Africa has only had four worthy leaders in the last decade, according to this prestigious prize

Mo Ibrahim insists standards for the Prize will remain high.
Mo Ibrahim insists standards for the Prize will remain high.
Image: Reuters/Irada Humbatova
We may earn a commission from links on this page.

The Mo Ibrahim Prize was created in 2006 by Sudanese billionaire Mo Ibrahim to “celebrate excellence in African leadership,” but a decade on, the Prize has not had much luck finding leaders to celebrate. Last awarded in 2014, the prize has come up empty once again this year. Only four winners have been announced since the award’s inception: Joaquim Chissano (Mozambique) in 2007, Festus Mogae (Botswana) in 2008, Pedro Pires (Cape Verde) in 2011, and Hifikepunye Pohamba (Namibia) in 2014.

A close look at the criteria for the prize explains why African leaders have rarely been considered eligible winners in six of the prize’s ten years. For one thing, only former democratically and transparently elected African leaders who served their constitutional terms and also left power democratically within the last three years are eligible. Beyond this, the criteria also takes into account their performance while in office as it recognizes leaders who ”developed their countries and strengthened democracy and human rights”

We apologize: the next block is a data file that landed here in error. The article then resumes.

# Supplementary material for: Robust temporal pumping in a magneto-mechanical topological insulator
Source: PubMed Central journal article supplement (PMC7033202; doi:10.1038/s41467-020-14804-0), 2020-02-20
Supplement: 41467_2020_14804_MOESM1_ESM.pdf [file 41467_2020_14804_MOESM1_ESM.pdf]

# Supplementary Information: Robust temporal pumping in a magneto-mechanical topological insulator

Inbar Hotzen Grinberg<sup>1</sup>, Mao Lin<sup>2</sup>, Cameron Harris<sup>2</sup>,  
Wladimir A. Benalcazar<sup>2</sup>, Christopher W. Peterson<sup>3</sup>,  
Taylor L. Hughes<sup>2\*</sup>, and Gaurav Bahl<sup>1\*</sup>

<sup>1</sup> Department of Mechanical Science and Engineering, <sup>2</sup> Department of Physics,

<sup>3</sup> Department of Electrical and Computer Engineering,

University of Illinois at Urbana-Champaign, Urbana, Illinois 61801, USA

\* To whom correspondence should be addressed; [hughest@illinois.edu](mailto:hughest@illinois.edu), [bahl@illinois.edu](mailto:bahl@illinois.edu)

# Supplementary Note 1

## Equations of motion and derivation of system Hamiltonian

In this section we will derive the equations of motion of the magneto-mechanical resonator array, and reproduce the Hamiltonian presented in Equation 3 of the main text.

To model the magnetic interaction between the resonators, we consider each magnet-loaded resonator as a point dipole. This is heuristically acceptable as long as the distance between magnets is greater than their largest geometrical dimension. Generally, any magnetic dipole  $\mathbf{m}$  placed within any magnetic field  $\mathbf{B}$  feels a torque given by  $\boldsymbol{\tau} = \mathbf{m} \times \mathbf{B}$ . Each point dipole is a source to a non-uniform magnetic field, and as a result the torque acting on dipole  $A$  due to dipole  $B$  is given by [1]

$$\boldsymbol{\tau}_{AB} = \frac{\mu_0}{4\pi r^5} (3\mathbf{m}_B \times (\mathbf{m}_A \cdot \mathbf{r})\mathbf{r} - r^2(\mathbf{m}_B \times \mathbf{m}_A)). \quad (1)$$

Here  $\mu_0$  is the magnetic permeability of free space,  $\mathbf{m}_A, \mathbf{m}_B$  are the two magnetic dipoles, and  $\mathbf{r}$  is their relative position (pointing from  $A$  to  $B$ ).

In Africa, where leaders tend to hold on to power through questionable elections and seek to extend their stay through unpopular constitutional amendments, the Mo Ibrahim Prize is left with a small pool of possible candidates. Mo Ibrahim says the decision to go years without naming any winners is designed to uphold the prize’s high standards. “It is not because we’re African that we have to accept sub-standards,” he told BBC.”It is a prize for excellence, not an entitlement or a pension.”

With $5 million paid out over ten years and $200,000 annually for life afterwards, the prize pales in comparison to the vast sums corrupt leaders are often accused of stealing. But Mo Ibrahim says money should not be the primary motivation. ”We are not trying to create billionaires,” he says. “The people who compare how much money they will get from bribes and from the prize are not our guys.”

Extending the award to ministers and other members of government has also been suggested as a way to enlarge the pool of potential winners. But Ibrahim insists this will not happen. “The decision-making and responsibility of moving a country forward—or backward—lies with the president,” he insists, “not with ministers.”